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# Double-Entry Bookkeeping

With double-entry bookkeeping, each transaction is documented using debits and credits in two or more accounts. There is at least one debit from one account and at least one credit from another. Total debits and credits must equal zero (equal each other)..

For instance, a copywriter spends \$1,000 on a brand-new laptop for her company. She debits her cash account by \$1,000 and credits her technological expense account by the same amount. This is because she has \$1,000 less in cash and \$1,000 more in technology expense assets.

## What Are The Rules Of Double-Entry Bookkeeping?

The double-entry method in bookkeeping consists of three main components, namely:

1. Every business transaction or accounting entry must be recorded using at least two accounts in the books.
2. The total amount of debits and credits reported for each transaction must be equal.
3. An organization's total assets must always be equal to the sum of its liabilities and equity (net worth or capital). Both sides of this equation must be balanced and equal.

## The Accounting Equation

When we examine the accounting equation, one of the core ideas in accounting, the aforementioned is made more evident. This equation must have the same values on both sides. If they aren't, the books contain an error.

`Assets = Liabilities + Equity`

In order for the equation to be balanced, if assets increase, liabilities must also increase.

As an illustration, an online retailer purchases \$1,000 worth of products on credit. Liabilities (accounts payable) rise by \$1,000 while assets (the inventory account) rise by \$1,000.

Therefore, the accounting equation's two sides are equivalent. Debiting inventory and crediting accounts due in the books reflects this.

## What Are The Different Types Of Accounts?

In double-entry accounting, there are 5 types of accounts that must always be used:

1. Asset accounts keep track of the monetary value of the things a company possesses, including cash in its bank account, machinery, and real estate.
2. Liability accounts keep track of how much a company owes on things like credit lines or mortgages.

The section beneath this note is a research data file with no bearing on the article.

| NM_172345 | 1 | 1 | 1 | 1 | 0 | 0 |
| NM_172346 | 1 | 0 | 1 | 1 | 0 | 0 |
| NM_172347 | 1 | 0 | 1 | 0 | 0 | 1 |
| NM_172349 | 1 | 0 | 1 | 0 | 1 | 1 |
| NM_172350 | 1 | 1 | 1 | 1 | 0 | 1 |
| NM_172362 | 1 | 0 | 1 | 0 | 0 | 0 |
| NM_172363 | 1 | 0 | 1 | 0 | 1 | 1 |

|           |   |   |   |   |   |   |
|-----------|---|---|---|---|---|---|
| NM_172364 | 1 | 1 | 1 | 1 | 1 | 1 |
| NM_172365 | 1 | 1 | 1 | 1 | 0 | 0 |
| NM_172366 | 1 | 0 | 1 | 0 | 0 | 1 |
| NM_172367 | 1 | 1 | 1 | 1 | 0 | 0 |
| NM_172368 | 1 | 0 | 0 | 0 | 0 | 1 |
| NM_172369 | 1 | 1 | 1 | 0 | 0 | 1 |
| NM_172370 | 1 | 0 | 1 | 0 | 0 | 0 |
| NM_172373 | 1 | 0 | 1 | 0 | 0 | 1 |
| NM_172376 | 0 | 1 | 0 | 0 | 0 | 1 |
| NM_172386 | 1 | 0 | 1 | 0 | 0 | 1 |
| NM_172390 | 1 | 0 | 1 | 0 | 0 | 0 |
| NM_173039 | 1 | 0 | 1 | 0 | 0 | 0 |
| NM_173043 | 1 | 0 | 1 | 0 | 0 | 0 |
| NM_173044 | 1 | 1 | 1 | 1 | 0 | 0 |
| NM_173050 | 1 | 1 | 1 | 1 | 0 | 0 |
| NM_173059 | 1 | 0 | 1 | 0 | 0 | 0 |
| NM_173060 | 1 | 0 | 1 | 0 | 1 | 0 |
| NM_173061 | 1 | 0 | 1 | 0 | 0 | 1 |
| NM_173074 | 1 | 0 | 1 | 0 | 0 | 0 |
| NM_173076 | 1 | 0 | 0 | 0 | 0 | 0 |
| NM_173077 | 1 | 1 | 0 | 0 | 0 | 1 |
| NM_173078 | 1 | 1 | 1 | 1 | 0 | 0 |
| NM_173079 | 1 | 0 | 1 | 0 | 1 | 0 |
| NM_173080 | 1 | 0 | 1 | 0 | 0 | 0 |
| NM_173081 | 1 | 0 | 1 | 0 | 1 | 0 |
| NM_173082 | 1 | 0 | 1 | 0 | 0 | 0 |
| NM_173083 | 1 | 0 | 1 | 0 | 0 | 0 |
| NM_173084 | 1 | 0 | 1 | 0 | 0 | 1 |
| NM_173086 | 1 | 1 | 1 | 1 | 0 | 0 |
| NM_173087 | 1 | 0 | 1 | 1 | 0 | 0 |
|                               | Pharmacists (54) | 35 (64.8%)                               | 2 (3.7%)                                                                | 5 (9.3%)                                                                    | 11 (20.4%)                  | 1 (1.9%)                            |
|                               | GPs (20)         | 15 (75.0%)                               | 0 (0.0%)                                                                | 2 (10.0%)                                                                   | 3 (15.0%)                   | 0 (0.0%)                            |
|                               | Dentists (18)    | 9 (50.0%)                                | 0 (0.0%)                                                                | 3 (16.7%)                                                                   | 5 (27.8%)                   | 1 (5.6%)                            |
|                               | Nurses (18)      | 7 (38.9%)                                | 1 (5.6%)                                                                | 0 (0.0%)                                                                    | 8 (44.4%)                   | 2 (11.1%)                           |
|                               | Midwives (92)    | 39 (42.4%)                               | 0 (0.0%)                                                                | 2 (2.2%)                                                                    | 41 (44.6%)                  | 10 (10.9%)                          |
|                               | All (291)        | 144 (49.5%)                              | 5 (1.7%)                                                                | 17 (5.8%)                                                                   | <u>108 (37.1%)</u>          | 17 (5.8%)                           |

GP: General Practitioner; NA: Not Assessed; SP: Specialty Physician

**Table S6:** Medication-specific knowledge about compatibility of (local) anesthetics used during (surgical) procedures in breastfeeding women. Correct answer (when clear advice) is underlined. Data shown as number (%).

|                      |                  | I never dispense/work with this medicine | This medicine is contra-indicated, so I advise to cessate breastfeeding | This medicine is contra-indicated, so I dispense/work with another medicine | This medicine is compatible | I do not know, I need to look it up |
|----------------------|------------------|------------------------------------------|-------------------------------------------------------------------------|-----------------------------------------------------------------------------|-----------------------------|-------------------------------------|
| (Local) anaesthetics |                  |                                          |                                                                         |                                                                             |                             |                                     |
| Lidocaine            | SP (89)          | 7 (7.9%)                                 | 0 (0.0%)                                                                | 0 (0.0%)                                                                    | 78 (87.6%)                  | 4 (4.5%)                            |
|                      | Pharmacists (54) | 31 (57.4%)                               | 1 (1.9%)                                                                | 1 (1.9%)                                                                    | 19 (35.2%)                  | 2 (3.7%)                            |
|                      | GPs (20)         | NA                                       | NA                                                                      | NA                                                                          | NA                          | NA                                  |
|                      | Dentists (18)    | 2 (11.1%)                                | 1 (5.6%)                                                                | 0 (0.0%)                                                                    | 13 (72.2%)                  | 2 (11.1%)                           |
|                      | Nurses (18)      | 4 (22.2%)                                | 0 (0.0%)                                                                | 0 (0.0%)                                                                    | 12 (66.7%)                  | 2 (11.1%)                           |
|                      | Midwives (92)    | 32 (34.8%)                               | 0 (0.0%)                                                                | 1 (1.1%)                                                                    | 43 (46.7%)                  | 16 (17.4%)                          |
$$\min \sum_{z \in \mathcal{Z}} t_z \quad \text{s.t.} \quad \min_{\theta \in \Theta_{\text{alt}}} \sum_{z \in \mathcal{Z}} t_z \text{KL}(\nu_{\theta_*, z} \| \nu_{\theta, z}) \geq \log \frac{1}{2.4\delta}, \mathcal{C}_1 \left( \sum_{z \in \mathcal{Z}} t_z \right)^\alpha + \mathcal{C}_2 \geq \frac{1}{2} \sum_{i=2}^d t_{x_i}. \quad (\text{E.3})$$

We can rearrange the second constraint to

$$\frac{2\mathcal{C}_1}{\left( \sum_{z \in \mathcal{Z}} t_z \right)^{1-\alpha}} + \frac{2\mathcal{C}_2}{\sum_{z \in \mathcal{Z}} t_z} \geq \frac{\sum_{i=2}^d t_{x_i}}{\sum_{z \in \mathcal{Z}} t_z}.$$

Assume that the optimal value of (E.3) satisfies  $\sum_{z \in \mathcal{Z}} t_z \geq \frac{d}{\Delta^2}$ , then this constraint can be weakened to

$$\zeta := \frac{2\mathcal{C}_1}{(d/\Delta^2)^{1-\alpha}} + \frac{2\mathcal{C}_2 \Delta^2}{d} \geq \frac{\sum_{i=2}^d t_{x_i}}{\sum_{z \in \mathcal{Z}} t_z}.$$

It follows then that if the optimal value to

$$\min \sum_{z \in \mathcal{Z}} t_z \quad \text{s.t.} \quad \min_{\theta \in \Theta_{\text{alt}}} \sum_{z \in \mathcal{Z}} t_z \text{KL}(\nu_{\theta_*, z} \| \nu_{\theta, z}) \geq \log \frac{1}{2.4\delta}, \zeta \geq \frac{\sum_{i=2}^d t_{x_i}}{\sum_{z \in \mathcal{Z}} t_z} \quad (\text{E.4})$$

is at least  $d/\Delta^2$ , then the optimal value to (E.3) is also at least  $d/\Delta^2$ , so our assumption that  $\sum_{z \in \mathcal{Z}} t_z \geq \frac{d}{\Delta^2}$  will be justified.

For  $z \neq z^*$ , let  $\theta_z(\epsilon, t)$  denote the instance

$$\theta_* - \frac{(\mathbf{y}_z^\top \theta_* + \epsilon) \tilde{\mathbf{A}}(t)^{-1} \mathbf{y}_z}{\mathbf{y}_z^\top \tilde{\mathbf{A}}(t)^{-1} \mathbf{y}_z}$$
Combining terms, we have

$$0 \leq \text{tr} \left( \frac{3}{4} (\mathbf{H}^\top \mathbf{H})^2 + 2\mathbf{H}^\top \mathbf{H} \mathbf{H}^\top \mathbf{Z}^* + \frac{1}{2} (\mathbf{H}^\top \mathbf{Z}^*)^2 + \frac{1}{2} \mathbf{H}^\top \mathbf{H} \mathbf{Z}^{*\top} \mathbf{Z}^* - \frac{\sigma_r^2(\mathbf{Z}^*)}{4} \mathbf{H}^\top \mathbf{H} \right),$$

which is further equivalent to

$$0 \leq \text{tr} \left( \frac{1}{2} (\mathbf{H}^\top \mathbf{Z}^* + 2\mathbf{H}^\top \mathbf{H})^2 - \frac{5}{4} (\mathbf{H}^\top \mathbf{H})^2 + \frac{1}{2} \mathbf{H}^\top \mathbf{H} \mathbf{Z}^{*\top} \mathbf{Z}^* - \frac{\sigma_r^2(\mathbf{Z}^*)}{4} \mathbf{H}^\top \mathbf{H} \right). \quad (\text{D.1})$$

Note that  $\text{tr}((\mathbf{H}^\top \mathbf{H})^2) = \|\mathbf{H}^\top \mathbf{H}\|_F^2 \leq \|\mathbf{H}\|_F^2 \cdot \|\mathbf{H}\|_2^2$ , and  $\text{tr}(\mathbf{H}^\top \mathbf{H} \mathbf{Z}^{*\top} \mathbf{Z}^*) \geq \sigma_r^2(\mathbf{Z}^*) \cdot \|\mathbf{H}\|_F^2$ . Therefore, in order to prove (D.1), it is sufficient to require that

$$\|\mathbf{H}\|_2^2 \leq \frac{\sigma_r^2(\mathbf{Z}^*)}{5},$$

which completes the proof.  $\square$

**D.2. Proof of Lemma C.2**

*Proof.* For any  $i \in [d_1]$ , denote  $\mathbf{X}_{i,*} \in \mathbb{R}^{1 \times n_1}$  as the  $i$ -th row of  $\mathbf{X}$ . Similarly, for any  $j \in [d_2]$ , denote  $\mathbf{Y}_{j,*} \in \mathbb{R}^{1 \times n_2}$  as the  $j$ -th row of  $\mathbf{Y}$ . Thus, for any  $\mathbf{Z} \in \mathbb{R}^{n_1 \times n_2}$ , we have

3. The difference between assets and liabilities is called equity (also known as the book value of the business)
4. Income accounts, like revenue, serve to record money received.
5. Expense accounts keep track of your expenditures on things like payroll and advertising.

Your chart of accounts is made up of these 5 categories of accounts. The chart of accounts, which is used to produce financial statements, is a different category group for the financial transactions in your firm.

• The accuracy of the records is confirmed when the credit and debit sides add up.
• Accounting experts are quick to spot mistakes and correct them if there is a discrepancy in the data.
• The record-keeping guidelines for all financial institutions and businesses are established under this accounting system.
• The records continue to be organized because of the special reporting structure.
• It is simpler to generate a balance sheet because all related information is gathered together.
• The financial responsibilities are simpler to recognise because the liabilities are clearly stated.
• Making financial decisions is simpler when the whole financial picture is crystal clear because decision-makers are well-informed.

## Key Takeaways

• Double-entry accounting follows the principle that an organization's assets are equal to its liabilities plus its owners' equity.
• Transactions are recorded using a debits and credits approach.
• During the European mercantile age, double-entry accounting was created to help streamline business operations and boost trade effectiveness.
• Double-development entry has been connected to the beginning of capitalism.
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